The Public Defender represents indigent juveniles who are in jeopardy of
losing their liberty and cannot afford to hire a private attorney. As in the
adult system, only a judge can appoint the Public Defender to represent the
child in juvenile court after determining that the child is indigent. However,
if the child is in the custody of the police or the Florida Department of
Juvenile Justice (DJJ) and the child or his parents wish to speak with an
attorney, the Public Defender is available 24 hours a day at beeper number 305.287.6007.
The Public Defender has a constitutional and ethical duty to provide zealous
legal representation to every juvenile client while maintaining client
Children under the age of 18 who have been arrested or charged with a crime are
first sent to juvenile court. The Public Defender’s primary responsibility is to
safeguard a youth’s rights and liberties and to ensure that any intervention in
the child’s life is meaningful, productive and appropriate. The juvenile
delinquency court was created to attend to children accused of committing
crimes. The juvenile justice system is based on the premise that although
children may violate the same laws as adults, due to their lack of maturity,
children need a different and separate response. The normal teenage years are
years of trial and error, short-term judgment and peer pressure. Home life and
neighborhood situations seriously influence developing children. Most youths who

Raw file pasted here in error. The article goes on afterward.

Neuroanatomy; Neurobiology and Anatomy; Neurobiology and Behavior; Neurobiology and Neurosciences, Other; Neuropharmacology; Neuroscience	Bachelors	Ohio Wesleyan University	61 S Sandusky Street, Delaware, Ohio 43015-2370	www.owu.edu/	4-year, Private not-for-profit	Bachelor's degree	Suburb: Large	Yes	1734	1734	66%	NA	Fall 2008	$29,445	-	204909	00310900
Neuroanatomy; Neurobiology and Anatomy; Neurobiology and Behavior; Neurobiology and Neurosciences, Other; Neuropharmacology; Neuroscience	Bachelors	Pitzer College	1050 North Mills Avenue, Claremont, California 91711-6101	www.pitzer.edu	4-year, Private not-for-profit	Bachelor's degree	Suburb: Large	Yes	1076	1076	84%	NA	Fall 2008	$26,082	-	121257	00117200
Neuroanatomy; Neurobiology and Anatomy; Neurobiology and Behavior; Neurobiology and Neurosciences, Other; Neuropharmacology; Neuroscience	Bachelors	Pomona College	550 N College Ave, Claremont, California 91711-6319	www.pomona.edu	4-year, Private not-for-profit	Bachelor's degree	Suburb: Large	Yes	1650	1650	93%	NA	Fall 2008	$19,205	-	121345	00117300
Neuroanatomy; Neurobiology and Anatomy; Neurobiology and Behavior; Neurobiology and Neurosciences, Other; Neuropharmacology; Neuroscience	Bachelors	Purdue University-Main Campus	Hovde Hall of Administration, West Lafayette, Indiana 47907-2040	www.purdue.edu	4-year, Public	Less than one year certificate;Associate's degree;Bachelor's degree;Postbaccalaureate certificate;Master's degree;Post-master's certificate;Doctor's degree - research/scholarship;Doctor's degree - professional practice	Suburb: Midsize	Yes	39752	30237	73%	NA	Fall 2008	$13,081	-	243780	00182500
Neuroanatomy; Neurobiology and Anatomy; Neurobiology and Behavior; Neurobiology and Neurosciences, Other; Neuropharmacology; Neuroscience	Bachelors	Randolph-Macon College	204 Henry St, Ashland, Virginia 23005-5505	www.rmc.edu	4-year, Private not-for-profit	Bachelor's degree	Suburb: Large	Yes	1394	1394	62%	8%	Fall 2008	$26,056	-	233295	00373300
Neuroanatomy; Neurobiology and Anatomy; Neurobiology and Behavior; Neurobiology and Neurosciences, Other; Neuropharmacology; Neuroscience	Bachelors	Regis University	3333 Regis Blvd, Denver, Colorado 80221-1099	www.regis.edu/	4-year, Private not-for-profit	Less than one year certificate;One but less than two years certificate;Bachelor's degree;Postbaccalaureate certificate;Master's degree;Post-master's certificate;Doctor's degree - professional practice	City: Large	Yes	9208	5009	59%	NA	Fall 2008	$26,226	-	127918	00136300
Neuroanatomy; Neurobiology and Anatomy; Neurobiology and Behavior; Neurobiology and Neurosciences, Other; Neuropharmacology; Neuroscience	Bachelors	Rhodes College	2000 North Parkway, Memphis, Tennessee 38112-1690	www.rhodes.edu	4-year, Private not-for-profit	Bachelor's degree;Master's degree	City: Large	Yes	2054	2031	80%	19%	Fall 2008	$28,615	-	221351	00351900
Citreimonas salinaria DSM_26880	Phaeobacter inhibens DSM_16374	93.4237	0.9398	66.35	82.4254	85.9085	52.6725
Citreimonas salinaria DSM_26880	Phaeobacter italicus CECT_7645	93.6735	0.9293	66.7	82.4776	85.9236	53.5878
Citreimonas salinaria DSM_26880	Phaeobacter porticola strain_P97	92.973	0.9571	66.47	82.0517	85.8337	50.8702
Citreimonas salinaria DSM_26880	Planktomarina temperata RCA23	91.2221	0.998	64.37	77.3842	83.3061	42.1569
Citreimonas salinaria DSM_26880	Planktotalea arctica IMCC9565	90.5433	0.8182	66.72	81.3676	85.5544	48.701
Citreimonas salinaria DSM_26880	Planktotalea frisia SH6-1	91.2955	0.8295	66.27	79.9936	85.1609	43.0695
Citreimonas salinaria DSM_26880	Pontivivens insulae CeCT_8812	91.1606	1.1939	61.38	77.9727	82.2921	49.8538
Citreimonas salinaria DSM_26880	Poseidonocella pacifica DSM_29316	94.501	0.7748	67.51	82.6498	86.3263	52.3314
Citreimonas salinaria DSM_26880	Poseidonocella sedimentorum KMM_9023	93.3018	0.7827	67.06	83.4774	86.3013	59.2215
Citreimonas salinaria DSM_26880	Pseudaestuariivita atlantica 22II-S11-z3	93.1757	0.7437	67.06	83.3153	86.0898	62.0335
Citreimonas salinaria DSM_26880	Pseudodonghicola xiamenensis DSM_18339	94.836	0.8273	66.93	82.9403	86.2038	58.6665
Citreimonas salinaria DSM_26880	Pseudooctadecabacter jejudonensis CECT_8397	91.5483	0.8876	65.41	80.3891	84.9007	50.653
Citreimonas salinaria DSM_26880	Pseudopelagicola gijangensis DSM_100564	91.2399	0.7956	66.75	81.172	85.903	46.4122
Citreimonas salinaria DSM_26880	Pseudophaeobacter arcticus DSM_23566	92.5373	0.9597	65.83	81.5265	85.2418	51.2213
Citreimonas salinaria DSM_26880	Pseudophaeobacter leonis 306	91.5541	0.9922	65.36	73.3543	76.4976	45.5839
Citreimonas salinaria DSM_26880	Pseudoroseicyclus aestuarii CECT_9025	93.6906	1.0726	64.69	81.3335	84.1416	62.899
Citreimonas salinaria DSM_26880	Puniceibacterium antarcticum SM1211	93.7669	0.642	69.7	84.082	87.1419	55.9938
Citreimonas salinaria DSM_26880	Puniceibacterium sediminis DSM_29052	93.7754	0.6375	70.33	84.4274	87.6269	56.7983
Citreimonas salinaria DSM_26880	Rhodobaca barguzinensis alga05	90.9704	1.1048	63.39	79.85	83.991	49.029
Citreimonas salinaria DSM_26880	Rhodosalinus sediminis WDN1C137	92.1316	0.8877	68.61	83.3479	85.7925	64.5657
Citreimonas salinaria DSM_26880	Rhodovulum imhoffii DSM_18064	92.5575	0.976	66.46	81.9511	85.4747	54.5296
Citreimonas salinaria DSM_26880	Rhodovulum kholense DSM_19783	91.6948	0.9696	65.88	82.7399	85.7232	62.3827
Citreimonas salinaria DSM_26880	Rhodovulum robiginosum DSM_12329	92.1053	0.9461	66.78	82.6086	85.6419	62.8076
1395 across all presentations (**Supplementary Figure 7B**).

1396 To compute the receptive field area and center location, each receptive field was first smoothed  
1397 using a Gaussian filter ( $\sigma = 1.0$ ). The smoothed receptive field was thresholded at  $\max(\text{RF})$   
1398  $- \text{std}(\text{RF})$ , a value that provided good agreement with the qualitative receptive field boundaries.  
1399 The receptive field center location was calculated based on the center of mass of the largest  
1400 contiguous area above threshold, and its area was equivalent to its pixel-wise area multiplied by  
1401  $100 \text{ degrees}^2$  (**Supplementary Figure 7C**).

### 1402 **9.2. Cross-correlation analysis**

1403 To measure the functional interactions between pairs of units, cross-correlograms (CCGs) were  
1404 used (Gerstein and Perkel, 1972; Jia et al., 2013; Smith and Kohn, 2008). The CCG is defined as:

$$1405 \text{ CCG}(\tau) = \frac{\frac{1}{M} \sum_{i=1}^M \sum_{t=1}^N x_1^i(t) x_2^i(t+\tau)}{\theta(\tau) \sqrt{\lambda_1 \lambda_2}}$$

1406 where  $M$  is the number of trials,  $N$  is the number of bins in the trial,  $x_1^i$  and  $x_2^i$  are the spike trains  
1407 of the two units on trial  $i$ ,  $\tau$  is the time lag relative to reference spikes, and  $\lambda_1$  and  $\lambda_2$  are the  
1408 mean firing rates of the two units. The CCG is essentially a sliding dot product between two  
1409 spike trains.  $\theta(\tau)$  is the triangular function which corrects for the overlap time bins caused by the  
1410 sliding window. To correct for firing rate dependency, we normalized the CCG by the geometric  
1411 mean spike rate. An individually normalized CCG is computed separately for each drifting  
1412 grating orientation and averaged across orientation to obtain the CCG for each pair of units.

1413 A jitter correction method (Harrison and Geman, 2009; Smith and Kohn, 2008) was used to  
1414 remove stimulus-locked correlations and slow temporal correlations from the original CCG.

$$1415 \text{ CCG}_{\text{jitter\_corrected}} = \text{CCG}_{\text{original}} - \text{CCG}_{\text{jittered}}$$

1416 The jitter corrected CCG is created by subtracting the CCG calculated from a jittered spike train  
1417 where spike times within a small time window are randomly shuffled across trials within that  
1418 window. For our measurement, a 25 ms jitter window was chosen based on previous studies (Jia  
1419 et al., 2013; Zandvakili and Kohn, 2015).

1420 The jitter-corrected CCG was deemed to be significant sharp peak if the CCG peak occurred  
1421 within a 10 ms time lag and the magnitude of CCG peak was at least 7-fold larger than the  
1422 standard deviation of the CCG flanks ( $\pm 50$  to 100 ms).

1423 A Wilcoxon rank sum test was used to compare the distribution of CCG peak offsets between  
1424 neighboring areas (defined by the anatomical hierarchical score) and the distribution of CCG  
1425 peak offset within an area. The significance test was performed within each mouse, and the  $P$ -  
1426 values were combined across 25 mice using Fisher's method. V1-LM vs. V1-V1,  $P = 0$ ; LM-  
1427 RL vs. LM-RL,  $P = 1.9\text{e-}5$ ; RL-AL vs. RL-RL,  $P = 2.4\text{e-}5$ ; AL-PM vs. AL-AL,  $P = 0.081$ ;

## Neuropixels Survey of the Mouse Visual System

are arrested do not re-offend as adults. Intelligent intervention, supervision,
detention and treatment usually can correct delinquent behavior.
The following sections offer a description of the process of a typical juvenile
delinquency case through the justice system, including how a case is handled by
the Office of the Public Defender. Some differences may exist in different
judicial circuits and even in different courtrooms. Attorneys have an ethical
duty to handle each case individually. Clients should listen to the advice of
their attorneys when it differs from the information below. Although each case is
unique, there are legal rules of procedure that apply to all juvenile cases. A person who is arrested
and becomes involved in the juvenile justice system can expect to follow the
process described below. In criminal cases, the plaintiff is the State of
Florida and the defendant is the person accused of committing a crime. In this
description, we use the word “client(s)” to describe the defendants we have been
appointed to represent and the generic “he” to refer to both male and female
clients. Also, in many instances the word "State" is used instead of the State
Attorney's Office or the prosecution.
What Happens if I’m Arrested?
I’ve Never Been in Trouble Before
Juvenile Detention Center
When Will I Get out of the Detention Center?
Can I be Charged as an Adult?
Can the Public Defender Represent Me?
Filing of Formal Charges
How Does the Public Defender Prepare My Case?
I Want to Get this Case over With, What Can I Do?
What Happens at the Trial?
What Happens If I’m Convicted at Trial?
Can I Get this Case off My Record?